1. incidentalcomics:


    Reblogged from: amandaonwriting
  2. 1. Take a quarterly vacation
    2. Hold a “retrospective” after projects
    3. Write every day
    4. Create an “interesting people fund”
    5. Keep “tear sheets” to get inspired
    6. Nap every day
    7. Envision what you will be remembered for
    8. Brainstorm at the bar
    9. Get out of the building
    10. Engage in “morphological synthesis”

    99U culls 10 creative habits you should steal from worthy models like Cheryl Strayed, James Victore, and Ze Frank – details on each at the link.

    Pair with the daily routines of famous writers and 99U's field guide to honing your creative routine, then revisit William James on the importance of habit.

    (via explore-blog)

    Reblogged from: explore-blog
  3. You don’t learn about yourself by being alone, you learn about yourself from other people.
  4. The first draft is just you telling yourself the story.
    Terry Pratchett (via maxkirin)
    Reblogged from: twcwelcomecenter
  5. Think of a book special to you, and how much bleaker and poorer your life would be if that one writer had not existed—if that one writer had not, a hundred times or a thousand, made the choice to write.

    You’re going to be that one writer, one day, for somebody you may never meet. Nobody can write that book you’re going to write—that book that will light up and change up a life—but you.

    sarahreesbrennan, on ignoring the doubters. (via lettersandlight)

    To add to that? You probably already are this writer who had affected someone and made their life richer.

    (via doughtier)

    Reblogged from: maureentheintern
  6. ilovereadingandwriting:

Manifesto (via Natasha Lester Author of If I Should Lose You and What is Left Over, After | A Writer’s Manifesto - Natasha Lester Author of If I Should Lose You and What is Left Over, After)
    Reblogged from: harmonyinkpress
  7. rebornica:



    and lets not forget

    Character is Artman

    Authors too.

    Authors ARE artists.

    Writing is a form of art, friendo.

    Reblogged from: biisexybabe
  8. The Daily Routines of Famous Creative People
  9. incidentalcomics:

    Creative Thinking

    Reblogged from: incidentalcomics
  10. owlturdcomix:

    We go forward.


    twitter | facebook

    Reblogged from: owlturdcomix
  11. Despite what you may believe, you can disappoint people and still be good enough. You can make mistakes and still be capable and talented. You can let people down and still be worthwhile and deserving of love. Everyone has disappointed someone they care about. Everyone messes up, lets people down, and makes mistakes. Not because we’re inadequate or fundamentally inept, but because we’re imperfect and fundamentally human. Expecting anything different is setting yourself up for failure.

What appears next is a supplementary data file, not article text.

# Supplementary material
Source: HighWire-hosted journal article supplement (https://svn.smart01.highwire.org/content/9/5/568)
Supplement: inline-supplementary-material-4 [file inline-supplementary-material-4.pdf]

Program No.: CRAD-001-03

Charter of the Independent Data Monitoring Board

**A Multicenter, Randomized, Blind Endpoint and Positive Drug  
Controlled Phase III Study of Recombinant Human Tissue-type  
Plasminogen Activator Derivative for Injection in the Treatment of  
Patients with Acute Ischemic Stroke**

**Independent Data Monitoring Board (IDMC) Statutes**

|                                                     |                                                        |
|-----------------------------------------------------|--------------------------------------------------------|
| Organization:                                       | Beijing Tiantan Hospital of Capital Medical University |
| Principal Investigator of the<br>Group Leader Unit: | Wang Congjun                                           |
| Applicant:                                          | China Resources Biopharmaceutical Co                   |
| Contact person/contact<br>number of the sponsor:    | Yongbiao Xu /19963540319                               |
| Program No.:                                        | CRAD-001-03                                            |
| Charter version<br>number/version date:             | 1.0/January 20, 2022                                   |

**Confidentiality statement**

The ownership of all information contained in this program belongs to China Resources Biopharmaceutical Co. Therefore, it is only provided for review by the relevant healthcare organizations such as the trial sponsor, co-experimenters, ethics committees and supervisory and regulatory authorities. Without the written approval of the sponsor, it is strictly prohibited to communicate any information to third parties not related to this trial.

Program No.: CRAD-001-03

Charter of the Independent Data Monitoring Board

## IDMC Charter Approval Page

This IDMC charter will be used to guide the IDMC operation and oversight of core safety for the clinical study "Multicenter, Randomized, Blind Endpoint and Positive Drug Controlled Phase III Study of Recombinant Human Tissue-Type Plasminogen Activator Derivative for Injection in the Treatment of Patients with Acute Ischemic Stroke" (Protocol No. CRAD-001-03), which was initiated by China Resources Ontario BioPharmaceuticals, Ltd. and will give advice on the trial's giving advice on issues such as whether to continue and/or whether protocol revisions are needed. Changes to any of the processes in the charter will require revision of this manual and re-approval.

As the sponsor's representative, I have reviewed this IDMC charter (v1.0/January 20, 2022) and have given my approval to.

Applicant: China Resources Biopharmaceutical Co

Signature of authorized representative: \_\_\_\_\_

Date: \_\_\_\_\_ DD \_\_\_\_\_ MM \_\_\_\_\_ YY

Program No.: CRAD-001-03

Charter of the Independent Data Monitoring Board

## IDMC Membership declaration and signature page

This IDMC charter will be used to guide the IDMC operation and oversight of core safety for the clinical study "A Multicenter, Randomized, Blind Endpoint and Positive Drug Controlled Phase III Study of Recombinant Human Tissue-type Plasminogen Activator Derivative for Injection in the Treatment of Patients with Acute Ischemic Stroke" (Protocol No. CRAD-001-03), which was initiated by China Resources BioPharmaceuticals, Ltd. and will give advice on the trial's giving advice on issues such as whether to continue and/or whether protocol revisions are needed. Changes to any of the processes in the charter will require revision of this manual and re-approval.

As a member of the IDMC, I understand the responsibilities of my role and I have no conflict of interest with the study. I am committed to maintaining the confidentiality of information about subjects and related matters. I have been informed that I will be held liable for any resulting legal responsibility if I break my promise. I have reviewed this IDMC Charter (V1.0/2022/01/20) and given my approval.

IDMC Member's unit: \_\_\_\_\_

Daniell Koepke (via sexual-feelings)
    Reblogged from: sexual-feelings
  12. Reblogged from: maureentheintern
  13. [Cornell psychologist James Cutting’s] experiment offers a clue as to how canons are formed. He points out that the most reproduced works of impressionism today tend to have been bought by five or six wealthy and influential collectors in the late 19th century. The preferences of these men bestowed prestige on certain works, which made the works more likely to be hung in galleries and printed in anthologies. The kudos cascaded down the years, gaining momentum from mere exposure as it did so. The more people were exposed to, say, “Bal du Moulin de la Galette”, the more they liked it, and the more they liked it, the more it appeared in books, on posters and in big exhibitions. Meanwhile, academics and critics created sophisticated justifications for its pre-eminence… As contemporary artists like Warhol and Damien Hirst have grasped, critical acclaim is deeply entwined with publicity. “Scholars”, Cutting argues, “are no different from the public in the effects of mere exposure.”

    Basically, the art canon is little more than a feat of tastemaking – fascinating essay by Ian Leslie, author of Curious: The Desire to Know and Why Your Future Depends on It. Leslie concludes with an important reminder:

    The social scientists are right to say that we should be a little sceptical of greatness, and that we should always look in the next room. Great art and mediocrity can get confused, even by experts. But that’s why we need to see, and read, as much as we can. The more we’re exposed to the good and the bad, the better we are at telling the difference. The eclecticists have it.

    Perhaps Frank Lloyd Wright was right when he wryly observed, Taste is a matter of ignorance. If you know what you are tasting, you don’t have to taste.

    (via explore-blog)

    Reblogged from: explore-blog


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